Business, Legal & Accounting Glossary
A person who voluntarily aids the principal person responsible for committing a crime.
legal A person who is not present at a crime, but contributes to it as an assistant or instigator.
n. a second-string player who helps in the commission of a crime by driving the getaway car, providing the weapons, assisting in the planning, providing an alibi, or hiding the principal offender after the crime. Usually, the accessory is not immediately present during the crime, but must be aware that the crime is going to be committed or has been committed. Usually, an accessory’s punishment is less than that of the main perpetrator, but a tough jury or judge may find the accessory just as responsible.
Someone who intentionally helps another person commit a felony by giving advice before the crime or helping to conceal the evidence or the perpetrator. An accessory is usually not physically present during the crime. For example, hiding a robber who is being sought by the police might make you an “accessory after the fact” to a robbery.
This term has essentially the same meaning as Accomplice: a person who assists in the perpetration or commission of an offence but is not the direct cause of the Actus Reus. At common law it was possible to be an `accessory after the fact’, that is, to render assistance to offenders after the offence was committed. This meta of `accessory’ is not an `accomplice’ in the modern definition and is covered by different legislation.
In criminal law, contributing to or aiding in the commission of a crime. One who, without being present at the commission of an offense, becomes guilty of such offense, not as a chief actor, but as a participant, as by command, advice, instigation, or concealment; either before or after the fact or commission.
One who aids, abets, commands, or counsels another in the commission of a crime.
In common law, an accessory could not be found guilty unless the actual perpetrator was convicted. In most U.S. jurisdictions today, however, an accessory can be convicted even if the principal actor is not arrested or is acquitted. The prosecution must establish that the accessory in some way instigated, furthered, or concealed the crime. Typically, punishment for a convicted accessory is not as severe as that for the perpetrator.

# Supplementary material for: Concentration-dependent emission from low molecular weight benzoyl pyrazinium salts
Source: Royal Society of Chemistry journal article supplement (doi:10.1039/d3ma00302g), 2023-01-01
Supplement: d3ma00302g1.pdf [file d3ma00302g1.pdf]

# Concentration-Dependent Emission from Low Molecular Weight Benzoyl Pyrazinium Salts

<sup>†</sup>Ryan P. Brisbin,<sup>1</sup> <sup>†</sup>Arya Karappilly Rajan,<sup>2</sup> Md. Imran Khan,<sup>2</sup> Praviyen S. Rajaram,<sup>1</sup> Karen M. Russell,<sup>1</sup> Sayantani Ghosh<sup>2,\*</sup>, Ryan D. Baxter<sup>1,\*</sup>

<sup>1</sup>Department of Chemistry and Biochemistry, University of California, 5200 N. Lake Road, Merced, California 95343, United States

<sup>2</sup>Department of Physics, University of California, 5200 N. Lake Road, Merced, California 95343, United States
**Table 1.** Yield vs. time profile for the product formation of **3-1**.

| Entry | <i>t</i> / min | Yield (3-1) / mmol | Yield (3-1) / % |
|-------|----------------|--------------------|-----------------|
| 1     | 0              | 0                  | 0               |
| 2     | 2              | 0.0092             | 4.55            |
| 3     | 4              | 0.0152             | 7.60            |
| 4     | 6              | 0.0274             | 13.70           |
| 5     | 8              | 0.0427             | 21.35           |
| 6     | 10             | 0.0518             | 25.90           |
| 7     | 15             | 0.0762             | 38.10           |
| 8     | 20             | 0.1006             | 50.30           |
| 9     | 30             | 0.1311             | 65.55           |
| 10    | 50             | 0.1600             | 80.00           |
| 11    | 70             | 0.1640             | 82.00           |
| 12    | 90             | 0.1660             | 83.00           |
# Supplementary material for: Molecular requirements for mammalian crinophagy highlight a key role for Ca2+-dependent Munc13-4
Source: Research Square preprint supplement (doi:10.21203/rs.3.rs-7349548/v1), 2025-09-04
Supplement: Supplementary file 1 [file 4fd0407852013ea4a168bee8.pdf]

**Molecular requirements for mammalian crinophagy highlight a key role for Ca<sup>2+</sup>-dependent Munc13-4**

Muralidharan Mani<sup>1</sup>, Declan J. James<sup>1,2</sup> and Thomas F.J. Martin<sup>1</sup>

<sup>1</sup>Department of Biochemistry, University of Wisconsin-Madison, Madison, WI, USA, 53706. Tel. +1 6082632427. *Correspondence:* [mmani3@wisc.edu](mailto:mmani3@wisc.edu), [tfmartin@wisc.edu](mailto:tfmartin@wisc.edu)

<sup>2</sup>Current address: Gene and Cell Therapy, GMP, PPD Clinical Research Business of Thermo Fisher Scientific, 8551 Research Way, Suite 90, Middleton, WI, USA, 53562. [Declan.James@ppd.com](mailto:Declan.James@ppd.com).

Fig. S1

An accessory must knowingly promote or contribute to the crime. In other words, she or he must aid or encourage the offense deliberately, not accidentally. The accessory may withdraw from the crime by denouncing the plans, refusing to assist with the crime, contacting the police, or trying to stop the crime from occurring.
An accessory before the fact is someone behind the scenes who orders a crime or helps another person commit it. Many jurisdictions now refer to accessories before the fact as parties to the crime or even accomplices. This substitution of terms can be confusing because accessories are fundamentally different from accomplices. Strictly speaking, whereas an accomplice may be present at the crime scene, an accessory may not. Also, an accomplice generally is considered to be as guilty of the crime as the perpetrator, whereas an accessory has traditionally received a lighter punishment.
An accessory after the fact is someone who knows that a crime has occurred but nonetheless helps to conceal it. Today, this action is often termed obstructing justice or harboring a fugitive.
An infamous accessory after the fact was Dr. Samuel A. Mudd, the physician and Confederate sympathizer who set John Wilkes Booth’s leg after it was broken when the assassin jumped from President Abraham Lincoln’s box at Ford Theater. Despite Mudd’s protestation of innocence, he was tried and convicted as an accessory after the fact in Lincoln’s murder. He was sentenced to life imprisonment at Fort Jefferson in the Dry Tortugas off Key West, Florida. President Andrew Johnson pardoned Mudd in 1869, and the U.S. Congress gave him an official pardon in 1979.
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This glossary post was last updated: 26th November, 2021 | 13 Views.